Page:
The digital world, mobility, and permanent connectivity have completely changed these processes and interactions over the last two decades. In addition, advances in infrastructure, storage techniques, and data-processing allow these huge volumes of structured and unstructured customer data to be analysed in a very fast and efficient way, and with an acceptable cost for most organisations.
Due to the amount and complexity of these data, it is difficult to process them using traditional tools, so the use of Big Data technology is essential in order to take advantage of this kind of data Syed et al. Big Data technology is able to overcome the difficulties involved in understanding and extracting relevant knowledge from different kinds of data, which include: Diversity in types of fonts, formats and languages; Unstructured information ideas, emotions, nuances, ambiguities, polysemy, etc.
However, the growing analytical arsenal and existing advanced modelling techniques applied to massive datasets by professionals with appropriate levels of creativity and expertise are currently reaching an enormous degree of success in discovering correlations in previously unknown customer knowledge.
Big Data in Social CRM Big Data is a technology with a real ability to transform very significant aspects of customer relationship management, thereby providing companies with a competitive advantage over its competitors.
Big Data technology allows knowledge to be extracted from customer information and converted, in an effective, secure and scalable way, into real business value. From customer information and through Big Data, a company is able to reveal hidden knowledge of the customer, turning it into opportunities to maximise the business value of each customer, to act preventively, to improve customer satisfaction, to identify new opportunities, or to predict their tendency and intention profile.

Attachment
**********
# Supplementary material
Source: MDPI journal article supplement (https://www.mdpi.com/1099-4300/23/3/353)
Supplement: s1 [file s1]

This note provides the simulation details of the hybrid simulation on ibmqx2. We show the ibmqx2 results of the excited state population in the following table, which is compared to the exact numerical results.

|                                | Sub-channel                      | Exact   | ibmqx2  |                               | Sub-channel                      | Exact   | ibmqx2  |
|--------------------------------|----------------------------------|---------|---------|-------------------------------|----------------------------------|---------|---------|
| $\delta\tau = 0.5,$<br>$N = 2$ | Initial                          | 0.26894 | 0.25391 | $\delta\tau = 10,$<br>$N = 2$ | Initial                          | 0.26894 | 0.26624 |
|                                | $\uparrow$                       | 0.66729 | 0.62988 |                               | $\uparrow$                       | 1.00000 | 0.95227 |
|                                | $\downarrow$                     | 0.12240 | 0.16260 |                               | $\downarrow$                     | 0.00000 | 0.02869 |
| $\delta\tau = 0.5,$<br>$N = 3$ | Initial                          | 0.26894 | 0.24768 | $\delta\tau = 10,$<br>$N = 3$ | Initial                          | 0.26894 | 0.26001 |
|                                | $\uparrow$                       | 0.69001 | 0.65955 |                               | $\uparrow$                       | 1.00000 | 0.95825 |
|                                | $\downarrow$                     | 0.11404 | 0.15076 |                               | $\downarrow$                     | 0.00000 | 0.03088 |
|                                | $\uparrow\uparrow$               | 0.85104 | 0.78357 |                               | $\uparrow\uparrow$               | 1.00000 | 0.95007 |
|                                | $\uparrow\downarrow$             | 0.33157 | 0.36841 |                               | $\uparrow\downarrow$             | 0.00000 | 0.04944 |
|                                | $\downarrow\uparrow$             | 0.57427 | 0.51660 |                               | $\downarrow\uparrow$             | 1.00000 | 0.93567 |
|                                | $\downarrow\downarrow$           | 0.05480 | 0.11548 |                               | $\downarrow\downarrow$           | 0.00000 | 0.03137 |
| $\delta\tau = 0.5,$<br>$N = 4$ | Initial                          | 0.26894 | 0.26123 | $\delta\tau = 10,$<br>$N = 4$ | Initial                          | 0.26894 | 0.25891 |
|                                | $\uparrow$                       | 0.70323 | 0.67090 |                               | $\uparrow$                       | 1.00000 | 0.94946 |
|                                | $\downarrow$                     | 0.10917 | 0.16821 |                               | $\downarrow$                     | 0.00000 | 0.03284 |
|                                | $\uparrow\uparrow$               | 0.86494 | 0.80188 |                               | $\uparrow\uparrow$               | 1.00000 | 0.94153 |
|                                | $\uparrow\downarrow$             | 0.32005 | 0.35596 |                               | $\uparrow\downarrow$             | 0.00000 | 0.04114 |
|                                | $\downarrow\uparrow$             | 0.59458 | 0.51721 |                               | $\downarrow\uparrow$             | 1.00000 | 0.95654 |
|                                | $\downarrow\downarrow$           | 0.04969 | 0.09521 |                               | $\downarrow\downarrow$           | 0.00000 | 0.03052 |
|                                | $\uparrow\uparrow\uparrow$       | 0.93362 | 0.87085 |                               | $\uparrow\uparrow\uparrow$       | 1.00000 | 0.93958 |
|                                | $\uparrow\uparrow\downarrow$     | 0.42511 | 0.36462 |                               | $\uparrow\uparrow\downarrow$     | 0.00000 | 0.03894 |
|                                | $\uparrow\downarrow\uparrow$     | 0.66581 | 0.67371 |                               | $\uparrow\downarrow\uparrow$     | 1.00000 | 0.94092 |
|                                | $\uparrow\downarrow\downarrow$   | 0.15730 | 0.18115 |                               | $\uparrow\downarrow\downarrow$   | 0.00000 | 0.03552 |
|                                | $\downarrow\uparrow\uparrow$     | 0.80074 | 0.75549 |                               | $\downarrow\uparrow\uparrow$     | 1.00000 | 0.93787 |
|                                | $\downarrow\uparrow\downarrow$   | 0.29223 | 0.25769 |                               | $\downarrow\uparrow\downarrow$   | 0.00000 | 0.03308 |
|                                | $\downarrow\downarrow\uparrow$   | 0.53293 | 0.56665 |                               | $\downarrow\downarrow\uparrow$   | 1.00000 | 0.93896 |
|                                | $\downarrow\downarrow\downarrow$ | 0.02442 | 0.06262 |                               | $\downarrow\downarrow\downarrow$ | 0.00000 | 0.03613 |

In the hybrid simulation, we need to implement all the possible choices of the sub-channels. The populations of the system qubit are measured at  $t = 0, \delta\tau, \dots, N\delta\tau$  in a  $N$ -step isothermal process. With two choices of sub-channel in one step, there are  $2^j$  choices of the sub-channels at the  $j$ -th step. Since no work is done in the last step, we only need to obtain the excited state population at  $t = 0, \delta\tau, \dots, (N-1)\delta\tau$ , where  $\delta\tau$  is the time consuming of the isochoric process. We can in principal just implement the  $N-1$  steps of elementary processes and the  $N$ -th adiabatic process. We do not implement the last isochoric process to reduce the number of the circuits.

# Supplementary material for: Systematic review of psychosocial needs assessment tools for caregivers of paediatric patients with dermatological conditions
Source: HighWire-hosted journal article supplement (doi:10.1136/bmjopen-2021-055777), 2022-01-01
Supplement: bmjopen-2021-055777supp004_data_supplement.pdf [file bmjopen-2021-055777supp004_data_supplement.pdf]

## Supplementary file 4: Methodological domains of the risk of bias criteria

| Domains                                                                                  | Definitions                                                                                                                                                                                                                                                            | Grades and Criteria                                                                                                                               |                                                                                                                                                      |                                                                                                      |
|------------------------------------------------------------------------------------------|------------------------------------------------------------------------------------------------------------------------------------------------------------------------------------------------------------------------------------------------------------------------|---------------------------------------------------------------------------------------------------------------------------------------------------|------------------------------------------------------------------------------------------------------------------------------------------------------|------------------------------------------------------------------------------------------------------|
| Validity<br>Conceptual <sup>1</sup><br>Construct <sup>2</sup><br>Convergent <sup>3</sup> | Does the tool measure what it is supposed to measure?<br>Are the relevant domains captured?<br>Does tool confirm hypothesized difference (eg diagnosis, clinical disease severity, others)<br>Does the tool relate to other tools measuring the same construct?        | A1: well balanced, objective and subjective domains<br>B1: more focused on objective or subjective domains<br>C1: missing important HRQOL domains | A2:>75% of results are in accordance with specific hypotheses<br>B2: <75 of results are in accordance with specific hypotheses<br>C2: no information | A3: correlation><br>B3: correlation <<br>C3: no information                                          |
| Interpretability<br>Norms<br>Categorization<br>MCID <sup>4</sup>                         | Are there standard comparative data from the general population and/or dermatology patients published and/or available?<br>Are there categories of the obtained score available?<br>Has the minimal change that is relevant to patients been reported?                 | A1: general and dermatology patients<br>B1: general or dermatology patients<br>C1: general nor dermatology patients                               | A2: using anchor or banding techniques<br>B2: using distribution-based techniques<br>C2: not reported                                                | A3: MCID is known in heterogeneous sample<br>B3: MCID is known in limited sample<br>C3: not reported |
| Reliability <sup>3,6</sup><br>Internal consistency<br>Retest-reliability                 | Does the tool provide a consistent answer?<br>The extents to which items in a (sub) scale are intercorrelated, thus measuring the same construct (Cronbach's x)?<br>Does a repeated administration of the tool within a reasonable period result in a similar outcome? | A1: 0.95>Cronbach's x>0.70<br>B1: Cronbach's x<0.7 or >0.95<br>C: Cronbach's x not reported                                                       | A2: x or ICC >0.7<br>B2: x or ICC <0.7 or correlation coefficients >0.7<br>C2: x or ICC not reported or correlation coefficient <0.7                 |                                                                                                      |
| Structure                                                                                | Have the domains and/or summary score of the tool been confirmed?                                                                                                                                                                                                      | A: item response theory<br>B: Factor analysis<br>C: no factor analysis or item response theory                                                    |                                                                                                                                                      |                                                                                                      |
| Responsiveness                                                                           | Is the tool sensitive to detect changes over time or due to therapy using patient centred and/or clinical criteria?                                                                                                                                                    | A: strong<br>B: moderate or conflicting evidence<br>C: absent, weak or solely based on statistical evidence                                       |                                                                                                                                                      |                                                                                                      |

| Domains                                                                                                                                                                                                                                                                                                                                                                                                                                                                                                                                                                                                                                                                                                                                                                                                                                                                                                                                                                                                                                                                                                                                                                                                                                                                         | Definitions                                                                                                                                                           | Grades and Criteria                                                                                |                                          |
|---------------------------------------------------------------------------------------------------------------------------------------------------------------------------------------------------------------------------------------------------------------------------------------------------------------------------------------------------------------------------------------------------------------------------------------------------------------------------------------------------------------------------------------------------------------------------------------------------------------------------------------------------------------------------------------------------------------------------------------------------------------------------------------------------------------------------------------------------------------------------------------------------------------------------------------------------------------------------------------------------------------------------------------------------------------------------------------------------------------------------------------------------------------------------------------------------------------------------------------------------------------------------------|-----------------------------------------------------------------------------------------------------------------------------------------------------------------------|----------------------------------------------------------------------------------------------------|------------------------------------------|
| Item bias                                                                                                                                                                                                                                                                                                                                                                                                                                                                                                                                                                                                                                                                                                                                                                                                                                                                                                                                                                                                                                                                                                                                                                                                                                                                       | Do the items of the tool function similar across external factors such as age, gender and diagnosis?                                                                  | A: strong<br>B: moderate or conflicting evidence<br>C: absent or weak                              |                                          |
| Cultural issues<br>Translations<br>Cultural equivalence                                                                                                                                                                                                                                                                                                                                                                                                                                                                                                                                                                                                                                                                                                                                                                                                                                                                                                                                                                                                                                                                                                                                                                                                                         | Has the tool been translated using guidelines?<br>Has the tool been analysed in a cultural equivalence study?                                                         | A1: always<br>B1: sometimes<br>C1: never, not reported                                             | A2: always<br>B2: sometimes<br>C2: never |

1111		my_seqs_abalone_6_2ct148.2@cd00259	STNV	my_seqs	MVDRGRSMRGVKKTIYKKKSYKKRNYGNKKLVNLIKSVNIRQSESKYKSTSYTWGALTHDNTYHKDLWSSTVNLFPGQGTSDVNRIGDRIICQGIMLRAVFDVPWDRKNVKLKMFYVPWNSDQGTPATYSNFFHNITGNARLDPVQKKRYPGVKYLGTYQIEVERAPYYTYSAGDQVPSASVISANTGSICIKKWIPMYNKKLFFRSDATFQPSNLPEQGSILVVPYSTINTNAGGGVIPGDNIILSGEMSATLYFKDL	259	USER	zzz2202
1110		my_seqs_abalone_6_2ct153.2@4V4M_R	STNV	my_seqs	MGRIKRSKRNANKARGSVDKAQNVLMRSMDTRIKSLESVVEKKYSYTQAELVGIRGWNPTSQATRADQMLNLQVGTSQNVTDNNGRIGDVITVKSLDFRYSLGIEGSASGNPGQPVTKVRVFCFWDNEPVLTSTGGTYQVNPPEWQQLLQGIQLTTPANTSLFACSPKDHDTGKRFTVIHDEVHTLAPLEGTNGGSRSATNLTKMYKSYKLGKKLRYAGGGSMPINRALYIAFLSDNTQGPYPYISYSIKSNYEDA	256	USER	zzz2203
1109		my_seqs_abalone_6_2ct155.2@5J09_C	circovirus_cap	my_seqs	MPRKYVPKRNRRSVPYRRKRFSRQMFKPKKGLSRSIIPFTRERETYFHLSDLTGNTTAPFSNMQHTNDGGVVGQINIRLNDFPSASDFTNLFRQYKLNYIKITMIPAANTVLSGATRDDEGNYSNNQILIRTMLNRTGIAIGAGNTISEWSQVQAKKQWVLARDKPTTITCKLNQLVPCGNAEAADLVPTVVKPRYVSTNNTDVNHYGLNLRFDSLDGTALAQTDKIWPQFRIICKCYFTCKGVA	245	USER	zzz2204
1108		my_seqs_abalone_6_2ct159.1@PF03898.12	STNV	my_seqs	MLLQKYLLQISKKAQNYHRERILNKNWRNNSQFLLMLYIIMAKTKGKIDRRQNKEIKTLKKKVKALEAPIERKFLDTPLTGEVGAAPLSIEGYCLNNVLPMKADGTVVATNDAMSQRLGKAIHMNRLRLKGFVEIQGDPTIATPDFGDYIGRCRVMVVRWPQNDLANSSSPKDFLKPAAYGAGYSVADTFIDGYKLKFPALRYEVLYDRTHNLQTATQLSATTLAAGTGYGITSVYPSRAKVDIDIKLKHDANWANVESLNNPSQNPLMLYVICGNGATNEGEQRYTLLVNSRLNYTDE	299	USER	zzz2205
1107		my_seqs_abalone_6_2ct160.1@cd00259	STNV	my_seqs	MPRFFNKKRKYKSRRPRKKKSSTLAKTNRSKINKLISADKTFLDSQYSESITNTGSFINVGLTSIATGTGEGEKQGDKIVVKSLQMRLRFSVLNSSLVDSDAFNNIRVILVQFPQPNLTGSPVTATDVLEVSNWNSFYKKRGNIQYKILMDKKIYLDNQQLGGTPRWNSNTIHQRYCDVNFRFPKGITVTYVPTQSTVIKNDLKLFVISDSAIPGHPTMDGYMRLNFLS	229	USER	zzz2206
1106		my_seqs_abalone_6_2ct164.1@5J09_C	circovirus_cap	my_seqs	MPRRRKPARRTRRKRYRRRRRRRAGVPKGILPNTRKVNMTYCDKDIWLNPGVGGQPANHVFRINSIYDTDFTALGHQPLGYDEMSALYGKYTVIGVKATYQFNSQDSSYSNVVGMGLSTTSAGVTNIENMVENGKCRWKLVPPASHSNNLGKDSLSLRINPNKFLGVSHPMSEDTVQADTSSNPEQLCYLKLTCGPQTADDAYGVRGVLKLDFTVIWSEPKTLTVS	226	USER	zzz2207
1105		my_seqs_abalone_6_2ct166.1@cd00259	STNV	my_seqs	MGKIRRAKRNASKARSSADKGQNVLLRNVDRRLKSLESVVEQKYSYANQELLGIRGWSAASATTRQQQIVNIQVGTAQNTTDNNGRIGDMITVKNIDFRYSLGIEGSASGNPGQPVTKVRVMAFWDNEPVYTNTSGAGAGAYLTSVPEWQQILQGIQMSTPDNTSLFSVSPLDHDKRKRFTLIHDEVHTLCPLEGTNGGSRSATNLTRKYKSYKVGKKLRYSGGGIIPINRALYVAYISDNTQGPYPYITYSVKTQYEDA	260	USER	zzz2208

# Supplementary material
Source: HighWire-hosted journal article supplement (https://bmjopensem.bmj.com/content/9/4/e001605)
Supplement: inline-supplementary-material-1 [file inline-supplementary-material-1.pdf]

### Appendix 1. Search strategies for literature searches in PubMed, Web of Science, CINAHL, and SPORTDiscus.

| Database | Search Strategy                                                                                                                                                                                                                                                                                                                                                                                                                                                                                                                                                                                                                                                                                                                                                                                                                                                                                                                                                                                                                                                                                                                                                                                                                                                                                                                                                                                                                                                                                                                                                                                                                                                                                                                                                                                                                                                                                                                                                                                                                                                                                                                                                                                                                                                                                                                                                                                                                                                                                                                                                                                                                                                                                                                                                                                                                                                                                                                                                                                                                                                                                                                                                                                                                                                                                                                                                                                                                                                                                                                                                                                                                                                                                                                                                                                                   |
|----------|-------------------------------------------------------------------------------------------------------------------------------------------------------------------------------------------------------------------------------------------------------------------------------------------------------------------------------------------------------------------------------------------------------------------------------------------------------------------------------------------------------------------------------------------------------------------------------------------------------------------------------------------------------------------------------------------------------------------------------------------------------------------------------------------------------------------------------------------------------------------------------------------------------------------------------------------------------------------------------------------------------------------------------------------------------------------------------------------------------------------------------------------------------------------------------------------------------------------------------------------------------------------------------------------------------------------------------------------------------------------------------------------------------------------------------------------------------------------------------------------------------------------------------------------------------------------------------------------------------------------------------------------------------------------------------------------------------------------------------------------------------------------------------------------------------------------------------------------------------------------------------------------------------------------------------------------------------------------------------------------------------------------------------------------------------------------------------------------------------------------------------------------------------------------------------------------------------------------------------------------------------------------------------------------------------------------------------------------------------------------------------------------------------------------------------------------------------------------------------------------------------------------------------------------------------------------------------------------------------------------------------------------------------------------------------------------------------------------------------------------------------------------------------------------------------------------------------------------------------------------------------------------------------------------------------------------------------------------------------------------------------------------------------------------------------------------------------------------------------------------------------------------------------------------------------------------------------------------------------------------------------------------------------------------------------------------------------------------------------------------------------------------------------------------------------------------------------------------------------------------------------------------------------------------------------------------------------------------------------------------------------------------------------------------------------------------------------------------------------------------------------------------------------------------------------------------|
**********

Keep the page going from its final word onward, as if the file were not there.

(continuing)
It is noteworthy that companies are harnessing the power of Big Data and analytics to apply it in customer relationship management Marshall et al. The business value is derived from the knowledge generated, once it is transferred to the design of products or services, to the segmentation of customers and markets, to the acquisition of new customers, to the understanding of customers, to the evolution of the portfolio, to the optimisation of any of the internal procedures and production processes, or to the changing way companies relate with employees, citizens, suppliers, partners or customers.
This methodology was supplemented, adapted and updated based on the review of the existing literature on Web 2. This initial version was then applied to one company with the aim of analysing, validating and refining it. This consists of the following stages: Design and planning of the case study; Preparation for data collection; Collecting evidence; Analysis of collected data; and Validation of collected data. Each of them is described below: Design and planning of the case study The aims of the case study are: The first task was to select the company in which the case study was to be applied.
The criteria underlying the selection of this company were essentially: The selected company was a SME from the metal sector with a workforce of employees. Their target customer ranges from large supermarkets to little grocery stores and individuals, from all over the world.
It is important to note that this company was already using a traditional CRM application. Preparation for data collection To begin the research work, an introductory series of group interviews were held in the company.
In order to undertake all the research tasks during the application of the methodology in the company, a mixed work team was set up with members that came from both the IRIS Research Group and the Social CRM team of the company. The company Social CRM project team was made up of five area managers, representing the main areas of the company: General management, Commercial management, Financial management, Technical management and Operations management. Qualitative data were used, which were collected through direct methods using an assortment of questionnaires and templates and independent methods copies of the documents and reports used in the company.